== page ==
Housing Availability and Affordability Crisis in Queensland

Housing Availability and Affordability Crisis in Queensland

Arnold Development Consultants calls on the Queensland Government to urgently attend to the crisis in housing availability and affordability in the State. The below UDIA Land Report for South East Queensland points to land supply shortages across the region and in particular within several local government areas. Deficits in land supply and infrastructure are one of the most significant contributors to the crisis in housing availability and affordability in Queensland. The SEQRP Urban Footprint can be and needs to be urgently expanded to ensure adequate land supply moving forward to help address housing availability and affordability.

Another major contributor to housing availability and affordability is approvals processes for new dwellings. Approvals processes in the Queensland need to significantly improved to reduce approval timelines, improve development certainty, reduce red tape, and decrease approval costs. So Arnolds also call on the State Government to urgently review all legislation relating to approval processes.”


Source: Urban Development Institute Australia (UDIA)

11th December 2019

The report card on the SEG Regional Plan is out, Revealing some warning signs of land supply shortages across several councils.

Specific areas where available supply has been identified as a concern when assessed against the four-year supply benchmark:

  • Gold Coast – 1.7 years of approved lot supply
  • Sunshine Coast – 2.4 years of approved lot supply
  • Redland Bay – 2.5 years of approved lot supply
  • Brisbane – 3 years of approved lot supply
  • Moreton Bay – 3.7 years of approved lot supply

We look forward to the Queensland Government’s response on these issues and remain very keen to work with government and councils as well as the Housing Supply Expert Panel to see these matters resolved.

The Housing Supply Expert Panel acknowledged some concerns in it’s message regarding the report stating ‘The Panel Acknowledges that some geographies show emerging issues in relation to the benchmarks which is a key objective of the monitoring program…. It is important that both levels of government remain agile and responsive to both land availability factors to ensure ample tie for analysis and discussion with all stakeholders to understand and adjust policy responses accordingly.’

In short the Land Supply and Development Monitoring Report shows that:

  • In 2018/19 SEQ dwelling approvals were lower than the average annual benchmark (projected growth to 2031)
  • Expansion area dwelling approvals are ahead of consolidation approvals
  • Between 2016 and 2019 houses comprised 57% of approvals, medium density dwellings to three story’s 22%, and high rise 21%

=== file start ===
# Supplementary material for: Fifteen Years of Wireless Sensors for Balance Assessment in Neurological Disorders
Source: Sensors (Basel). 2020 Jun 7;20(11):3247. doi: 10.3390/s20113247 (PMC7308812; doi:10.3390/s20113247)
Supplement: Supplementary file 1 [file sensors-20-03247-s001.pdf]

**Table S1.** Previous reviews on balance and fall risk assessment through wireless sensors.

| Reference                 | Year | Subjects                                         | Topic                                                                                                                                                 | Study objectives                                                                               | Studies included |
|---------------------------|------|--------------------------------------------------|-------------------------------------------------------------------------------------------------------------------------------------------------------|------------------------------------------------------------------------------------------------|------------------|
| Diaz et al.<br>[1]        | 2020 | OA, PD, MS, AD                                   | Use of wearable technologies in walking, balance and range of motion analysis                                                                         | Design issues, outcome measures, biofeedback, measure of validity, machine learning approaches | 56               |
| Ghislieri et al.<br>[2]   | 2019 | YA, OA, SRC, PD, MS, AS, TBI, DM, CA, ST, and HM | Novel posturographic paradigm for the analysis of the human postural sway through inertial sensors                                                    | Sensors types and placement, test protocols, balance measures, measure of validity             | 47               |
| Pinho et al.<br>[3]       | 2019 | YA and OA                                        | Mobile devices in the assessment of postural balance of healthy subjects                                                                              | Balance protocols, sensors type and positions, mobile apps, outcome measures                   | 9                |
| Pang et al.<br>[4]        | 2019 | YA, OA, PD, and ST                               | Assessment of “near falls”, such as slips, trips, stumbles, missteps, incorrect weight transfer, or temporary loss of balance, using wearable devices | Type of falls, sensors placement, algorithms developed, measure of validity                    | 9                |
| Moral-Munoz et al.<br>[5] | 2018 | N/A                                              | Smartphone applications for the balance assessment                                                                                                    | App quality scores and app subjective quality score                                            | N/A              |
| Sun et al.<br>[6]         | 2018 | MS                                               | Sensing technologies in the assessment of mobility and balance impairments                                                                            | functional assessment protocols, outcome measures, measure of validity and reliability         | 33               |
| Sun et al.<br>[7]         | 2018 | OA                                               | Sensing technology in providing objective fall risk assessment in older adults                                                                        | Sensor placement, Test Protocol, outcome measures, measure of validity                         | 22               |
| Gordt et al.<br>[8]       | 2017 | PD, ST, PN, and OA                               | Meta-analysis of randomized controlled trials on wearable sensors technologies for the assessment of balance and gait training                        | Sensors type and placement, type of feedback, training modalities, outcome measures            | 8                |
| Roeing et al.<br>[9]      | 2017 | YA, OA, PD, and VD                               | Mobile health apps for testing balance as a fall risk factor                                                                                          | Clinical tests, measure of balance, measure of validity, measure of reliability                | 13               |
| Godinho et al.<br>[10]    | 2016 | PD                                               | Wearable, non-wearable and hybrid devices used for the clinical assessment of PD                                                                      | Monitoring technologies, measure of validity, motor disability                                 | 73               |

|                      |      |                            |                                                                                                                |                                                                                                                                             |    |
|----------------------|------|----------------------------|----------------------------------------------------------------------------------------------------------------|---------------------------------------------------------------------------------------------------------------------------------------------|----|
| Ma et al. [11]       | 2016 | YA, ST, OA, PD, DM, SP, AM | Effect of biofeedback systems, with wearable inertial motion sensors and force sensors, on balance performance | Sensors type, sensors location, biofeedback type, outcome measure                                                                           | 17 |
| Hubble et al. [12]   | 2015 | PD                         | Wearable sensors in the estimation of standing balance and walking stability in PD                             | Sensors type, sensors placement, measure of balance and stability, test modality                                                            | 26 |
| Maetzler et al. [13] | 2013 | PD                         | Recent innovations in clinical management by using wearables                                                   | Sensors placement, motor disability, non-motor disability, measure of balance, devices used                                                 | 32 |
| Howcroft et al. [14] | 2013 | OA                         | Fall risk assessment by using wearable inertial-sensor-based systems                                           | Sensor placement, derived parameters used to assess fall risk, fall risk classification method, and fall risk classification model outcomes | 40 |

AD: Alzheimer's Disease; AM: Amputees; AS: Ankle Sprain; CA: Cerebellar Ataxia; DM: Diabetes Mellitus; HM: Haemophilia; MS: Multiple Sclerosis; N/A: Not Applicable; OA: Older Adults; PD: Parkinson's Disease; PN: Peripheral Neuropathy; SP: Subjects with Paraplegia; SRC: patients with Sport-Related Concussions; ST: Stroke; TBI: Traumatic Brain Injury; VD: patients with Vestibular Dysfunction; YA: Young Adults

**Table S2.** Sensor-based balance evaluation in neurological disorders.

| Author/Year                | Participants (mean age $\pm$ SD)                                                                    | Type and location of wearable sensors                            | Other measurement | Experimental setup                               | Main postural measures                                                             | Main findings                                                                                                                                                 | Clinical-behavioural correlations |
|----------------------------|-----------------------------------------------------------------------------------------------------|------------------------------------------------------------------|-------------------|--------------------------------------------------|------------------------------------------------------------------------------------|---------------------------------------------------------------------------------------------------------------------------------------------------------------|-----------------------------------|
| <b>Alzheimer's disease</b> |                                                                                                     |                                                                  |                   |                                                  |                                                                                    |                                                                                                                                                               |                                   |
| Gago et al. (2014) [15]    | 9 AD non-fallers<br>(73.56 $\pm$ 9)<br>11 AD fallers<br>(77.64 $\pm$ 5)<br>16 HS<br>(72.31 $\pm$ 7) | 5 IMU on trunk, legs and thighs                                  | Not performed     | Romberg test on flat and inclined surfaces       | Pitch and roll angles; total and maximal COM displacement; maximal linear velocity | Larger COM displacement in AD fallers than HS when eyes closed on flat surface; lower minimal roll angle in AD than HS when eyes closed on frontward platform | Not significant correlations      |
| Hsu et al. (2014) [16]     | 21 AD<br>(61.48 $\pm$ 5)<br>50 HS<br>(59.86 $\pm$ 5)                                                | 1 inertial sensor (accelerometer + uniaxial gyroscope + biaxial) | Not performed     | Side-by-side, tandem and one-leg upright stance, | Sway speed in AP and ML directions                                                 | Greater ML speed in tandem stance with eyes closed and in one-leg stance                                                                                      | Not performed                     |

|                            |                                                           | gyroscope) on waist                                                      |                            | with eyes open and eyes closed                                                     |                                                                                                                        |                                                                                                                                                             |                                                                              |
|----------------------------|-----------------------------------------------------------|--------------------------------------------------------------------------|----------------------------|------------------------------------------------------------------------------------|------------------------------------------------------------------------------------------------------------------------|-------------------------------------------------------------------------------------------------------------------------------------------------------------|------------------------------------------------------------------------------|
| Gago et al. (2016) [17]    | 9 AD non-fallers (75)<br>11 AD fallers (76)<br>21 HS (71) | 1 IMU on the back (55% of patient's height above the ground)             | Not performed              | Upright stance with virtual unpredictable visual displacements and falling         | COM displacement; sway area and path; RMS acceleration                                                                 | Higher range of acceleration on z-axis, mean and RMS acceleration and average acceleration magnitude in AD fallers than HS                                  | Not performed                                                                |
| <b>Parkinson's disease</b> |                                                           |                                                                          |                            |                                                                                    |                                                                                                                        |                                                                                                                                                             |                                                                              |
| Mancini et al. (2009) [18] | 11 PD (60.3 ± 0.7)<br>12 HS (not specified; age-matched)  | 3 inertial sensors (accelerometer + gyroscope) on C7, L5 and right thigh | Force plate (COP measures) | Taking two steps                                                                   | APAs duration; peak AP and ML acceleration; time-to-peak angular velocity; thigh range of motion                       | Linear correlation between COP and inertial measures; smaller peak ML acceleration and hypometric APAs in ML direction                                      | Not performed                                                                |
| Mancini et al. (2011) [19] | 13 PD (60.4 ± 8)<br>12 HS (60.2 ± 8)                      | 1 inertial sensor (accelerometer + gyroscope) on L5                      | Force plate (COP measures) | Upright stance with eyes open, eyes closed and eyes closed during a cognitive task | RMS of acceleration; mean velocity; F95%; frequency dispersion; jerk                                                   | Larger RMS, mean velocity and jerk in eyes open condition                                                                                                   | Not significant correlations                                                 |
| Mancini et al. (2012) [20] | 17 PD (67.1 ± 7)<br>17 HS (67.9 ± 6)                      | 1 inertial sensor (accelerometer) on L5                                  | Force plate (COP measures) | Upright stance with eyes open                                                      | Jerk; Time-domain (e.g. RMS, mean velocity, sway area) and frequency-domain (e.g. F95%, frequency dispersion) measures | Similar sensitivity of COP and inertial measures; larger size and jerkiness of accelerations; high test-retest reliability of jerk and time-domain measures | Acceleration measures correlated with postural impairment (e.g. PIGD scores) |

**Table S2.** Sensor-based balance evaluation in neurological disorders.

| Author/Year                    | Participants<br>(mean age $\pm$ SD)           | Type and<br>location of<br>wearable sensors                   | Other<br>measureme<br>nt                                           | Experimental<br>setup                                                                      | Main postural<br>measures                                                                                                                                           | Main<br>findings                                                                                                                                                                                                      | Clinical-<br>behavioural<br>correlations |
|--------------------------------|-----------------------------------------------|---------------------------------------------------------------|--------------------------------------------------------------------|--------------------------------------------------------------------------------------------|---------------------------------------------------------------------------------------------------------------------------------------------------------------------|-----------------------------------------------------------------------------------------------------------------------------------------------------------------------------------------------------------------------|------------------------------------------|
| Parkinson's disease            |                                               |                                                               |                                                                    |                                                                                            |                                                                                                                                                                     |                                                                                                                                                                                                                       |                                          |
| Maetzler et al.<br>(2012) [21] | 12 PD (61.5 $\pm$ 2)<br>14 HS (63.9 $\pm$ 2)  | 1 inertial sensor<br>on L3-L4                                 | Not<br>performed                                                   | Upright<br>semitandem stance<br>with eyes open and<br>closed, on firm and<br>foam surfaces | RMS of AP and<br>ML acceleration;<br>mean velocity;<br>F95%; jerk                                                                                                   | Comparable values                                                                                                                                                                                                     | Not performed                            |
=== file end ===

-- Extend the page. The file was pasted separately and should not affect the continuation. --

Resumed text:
• Against the regional plan benchmark there is 3.9 years of new uncompleted lot approvals (overall in SEQ) slightly under the four-year supply benchmark
  • Against the regional plan benchmark there is 7.1 years of multiple dwelling approvals (in consolidation areas) meeting the minimum benchmark
  • Lot approvals are below the four-year supply benchmark in Gold Coast, Sunshine Coast, Redland Bay, Brisbane, and Moreton Bay
  • An average of 371 hectares of industrial zoned land was taken up in SEQ annually between 2011 and 2018
  • Around 9,100 hectares of industrial zoned land is available
  • Between 2016 and 2019 approximately 60% of dwelling approvals were in the SEQ consolidation area, which meets the expected share of dwelling growth to 2031 as identified in

Key improvements to the methodology since 2018 include:

  • Methodology refinement has confirmed a 16% reduction in estimated planned dwelling supply in expansion (greenfield) areas and a 27% reduction in estimated planned industrial land across the region
  • Updated dwelling supply, lot registration, sales, industrial data
  • Updated Queensland Government dwelling projections
  • New Current Intent to Service consideration to identify residential land that is currently committed to be serviced based on: residential development approvals; residential preliminary approvals; priority infrastructure areas; existing and future sewer connection areas; infrastructure agreements; priority development areas.
  • New sales volume and price data for house-land packages and vacant land per square meter
  • New upper and lower quartile sales price for all categories
  • New realistic availability of planned dwelling supply figures for the expansion areas, using: new Current Intent to Service mapping; updated take-up figures for major growth areas.
  • Updated planned industrial land figures using new developability rules from the Developable Area best practice research in 2019
  • New estimate of the realistic availability of panned industrial employment supply figures using updated planned industrial land layer and refined set of economic and developability criteria
  • New and more accurate measurement of net growth as part of Measuring Development best practice research
  • Finer grain reporting of dwelling density in Changes in Housing Type section.

Image Source: Scott Hanselman